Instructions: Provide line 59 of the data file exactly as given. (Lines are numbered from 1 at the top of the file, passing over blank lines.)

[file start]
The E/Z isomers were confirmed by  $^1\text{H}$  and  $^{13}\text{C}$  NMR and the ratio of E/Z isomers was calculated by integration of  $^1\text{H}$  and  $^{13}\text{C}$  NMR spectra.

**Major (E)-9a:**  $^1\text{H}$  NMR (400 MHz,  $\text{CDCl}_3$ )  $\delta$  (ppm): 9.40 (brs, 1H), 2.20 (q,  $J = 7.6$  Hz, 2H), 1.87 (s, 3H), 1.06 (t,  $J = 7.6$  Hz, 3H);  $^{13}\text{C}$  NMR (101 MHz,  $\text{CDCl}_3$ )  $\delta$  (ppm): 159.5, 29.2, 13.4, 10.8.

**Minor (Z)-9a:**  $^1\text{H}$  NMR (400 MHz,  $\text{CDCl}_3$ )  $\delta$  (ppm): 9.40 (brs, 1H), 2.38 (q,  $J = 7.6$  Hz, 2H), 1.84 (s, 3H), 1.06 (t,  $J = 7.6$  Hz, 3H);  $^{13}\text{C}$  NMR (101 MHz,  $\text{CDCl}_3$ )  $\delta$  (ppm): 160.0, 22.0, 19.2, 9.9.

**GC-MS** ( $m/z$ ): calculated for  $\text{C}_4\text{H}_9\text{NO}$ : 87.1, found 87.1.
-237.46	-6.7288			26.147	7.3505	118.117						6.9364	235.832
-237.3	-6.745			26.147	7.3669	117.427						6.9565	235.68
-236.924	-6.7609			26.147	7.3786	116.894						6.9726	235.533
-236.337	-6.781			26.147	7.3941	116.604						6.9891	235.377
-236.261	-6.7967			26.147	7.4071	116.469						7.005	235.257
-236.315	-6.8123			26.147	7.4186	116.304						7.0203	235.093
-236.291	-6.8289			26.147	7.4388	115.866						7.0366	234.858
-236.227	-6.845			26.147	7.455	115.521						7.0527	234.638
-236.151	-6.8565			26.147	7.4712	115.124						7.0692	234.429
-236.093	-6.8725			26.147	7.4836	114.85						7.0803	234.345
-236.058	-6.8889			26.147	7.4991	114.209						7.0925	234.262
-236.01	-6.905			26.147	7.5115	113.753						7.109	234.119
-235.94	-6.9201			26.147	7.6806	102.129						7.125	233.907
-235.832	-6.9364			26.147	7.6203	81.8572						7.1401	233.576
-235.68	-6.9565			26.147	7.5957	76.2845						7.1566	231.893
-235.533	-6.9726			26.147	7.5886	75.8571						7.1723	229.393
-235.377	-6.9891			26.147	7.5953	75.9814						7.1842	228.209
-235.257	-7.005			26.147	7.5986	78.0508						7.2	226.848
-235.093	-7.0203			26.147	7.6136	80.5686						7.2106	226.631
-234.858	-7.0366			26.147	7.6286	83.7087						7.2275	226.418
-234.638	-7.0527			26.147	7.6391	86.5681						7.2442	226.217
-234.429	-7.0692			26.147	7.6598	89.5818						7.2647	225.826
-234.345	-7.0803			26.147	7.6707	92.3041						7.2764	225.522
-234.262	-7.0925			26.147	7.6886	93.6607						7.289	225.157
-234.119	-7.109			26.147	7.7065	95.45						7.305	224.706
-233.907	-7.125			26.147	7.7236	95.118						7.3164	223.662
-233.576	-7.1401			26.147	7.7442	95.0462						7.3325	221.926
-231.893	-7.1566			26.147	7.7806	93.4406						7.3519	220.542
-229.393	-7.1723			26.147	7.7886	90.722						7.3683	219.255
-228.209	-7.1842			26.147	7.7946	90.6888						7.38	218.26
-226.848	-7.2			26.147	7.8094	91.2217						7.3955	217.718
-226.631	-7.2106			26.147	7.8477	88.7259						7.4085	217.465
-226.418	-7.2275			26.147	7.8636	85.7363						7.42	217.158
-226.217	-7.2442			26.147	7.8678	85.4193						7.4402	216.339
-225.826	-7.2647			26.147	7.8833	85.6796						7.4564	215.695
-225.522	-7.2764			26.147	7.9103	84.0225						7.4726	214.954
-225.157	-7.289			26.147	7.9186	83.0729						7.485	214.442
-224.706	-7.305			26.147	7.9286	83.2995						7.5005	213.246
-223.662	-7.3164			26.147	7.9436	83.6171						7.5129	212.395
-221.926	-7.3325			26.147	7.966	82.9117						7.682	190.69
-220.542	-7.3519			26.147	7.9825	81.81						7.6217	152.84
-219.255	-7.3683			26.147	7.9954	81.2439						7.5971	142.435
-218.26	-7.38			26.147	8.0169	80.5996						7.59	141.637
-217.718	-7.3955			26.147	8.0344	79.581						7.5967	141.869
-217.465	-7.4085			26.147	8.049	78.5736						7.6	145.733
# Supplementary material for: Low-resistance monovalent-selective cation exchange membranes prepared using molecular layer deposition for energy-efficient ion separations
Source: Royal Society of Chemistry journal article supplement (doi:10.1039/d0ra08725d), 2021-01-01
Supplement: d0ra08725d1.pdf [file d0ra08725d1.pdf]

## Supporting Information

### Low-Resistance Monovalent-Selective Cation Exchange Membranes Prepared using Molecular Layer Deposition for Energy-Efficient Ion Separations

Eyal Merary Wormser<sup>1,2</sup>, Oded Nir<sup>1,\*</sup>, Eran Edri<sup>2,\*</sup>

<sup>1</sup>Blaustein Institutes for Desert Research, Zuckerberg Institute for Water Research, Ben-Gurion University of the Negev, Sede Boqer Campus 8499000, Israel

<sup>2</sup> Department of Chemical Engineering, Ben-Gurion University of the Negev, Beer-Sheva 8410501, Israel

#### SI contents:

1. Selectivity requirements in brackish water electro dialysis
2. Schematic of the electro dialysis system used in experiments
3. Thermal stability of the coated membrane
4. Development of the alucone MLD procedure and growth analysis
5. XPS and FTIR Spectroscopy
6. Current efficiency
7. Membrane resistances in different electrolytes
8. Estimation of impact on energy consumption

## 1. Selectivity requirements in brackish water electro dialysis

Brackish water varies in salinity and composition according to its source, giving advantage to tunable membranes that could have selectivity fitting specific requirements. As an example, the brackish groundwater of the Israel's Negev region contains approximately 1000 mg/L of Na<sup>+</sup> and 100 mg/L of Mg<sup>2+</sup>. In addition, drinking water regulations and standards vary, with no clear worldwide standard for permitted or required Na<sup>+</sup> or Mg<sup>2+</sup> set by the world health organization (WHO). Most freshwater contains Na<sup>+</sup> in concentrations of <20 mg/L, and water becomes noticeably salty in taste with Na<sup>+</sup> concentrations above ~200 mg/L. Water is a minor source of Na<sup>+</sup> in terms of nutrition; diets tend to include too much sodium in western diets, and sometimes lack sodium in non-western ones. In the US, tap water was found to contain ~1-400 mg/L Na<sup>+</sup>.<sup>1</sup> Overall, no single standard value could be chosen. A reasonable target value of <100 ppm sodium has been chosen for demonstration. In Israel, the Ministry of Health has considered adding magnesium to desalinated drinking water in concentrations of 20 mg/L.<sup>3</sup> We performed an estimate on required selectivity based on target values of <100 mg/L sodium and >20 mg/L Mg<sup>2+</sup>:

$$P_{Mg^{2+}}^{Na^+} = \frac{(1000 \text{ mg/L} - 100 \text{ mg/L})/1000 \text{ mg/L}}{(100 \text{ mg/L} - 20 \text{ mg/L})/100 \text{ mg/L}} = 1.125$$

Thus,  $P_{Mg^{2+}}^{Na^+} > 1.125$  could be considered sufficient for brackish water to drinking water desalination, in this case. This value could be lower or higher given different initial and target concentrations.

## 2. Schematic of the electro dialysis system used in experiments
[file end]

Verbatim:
1. Selectivity requirements in brackish water electro dialysis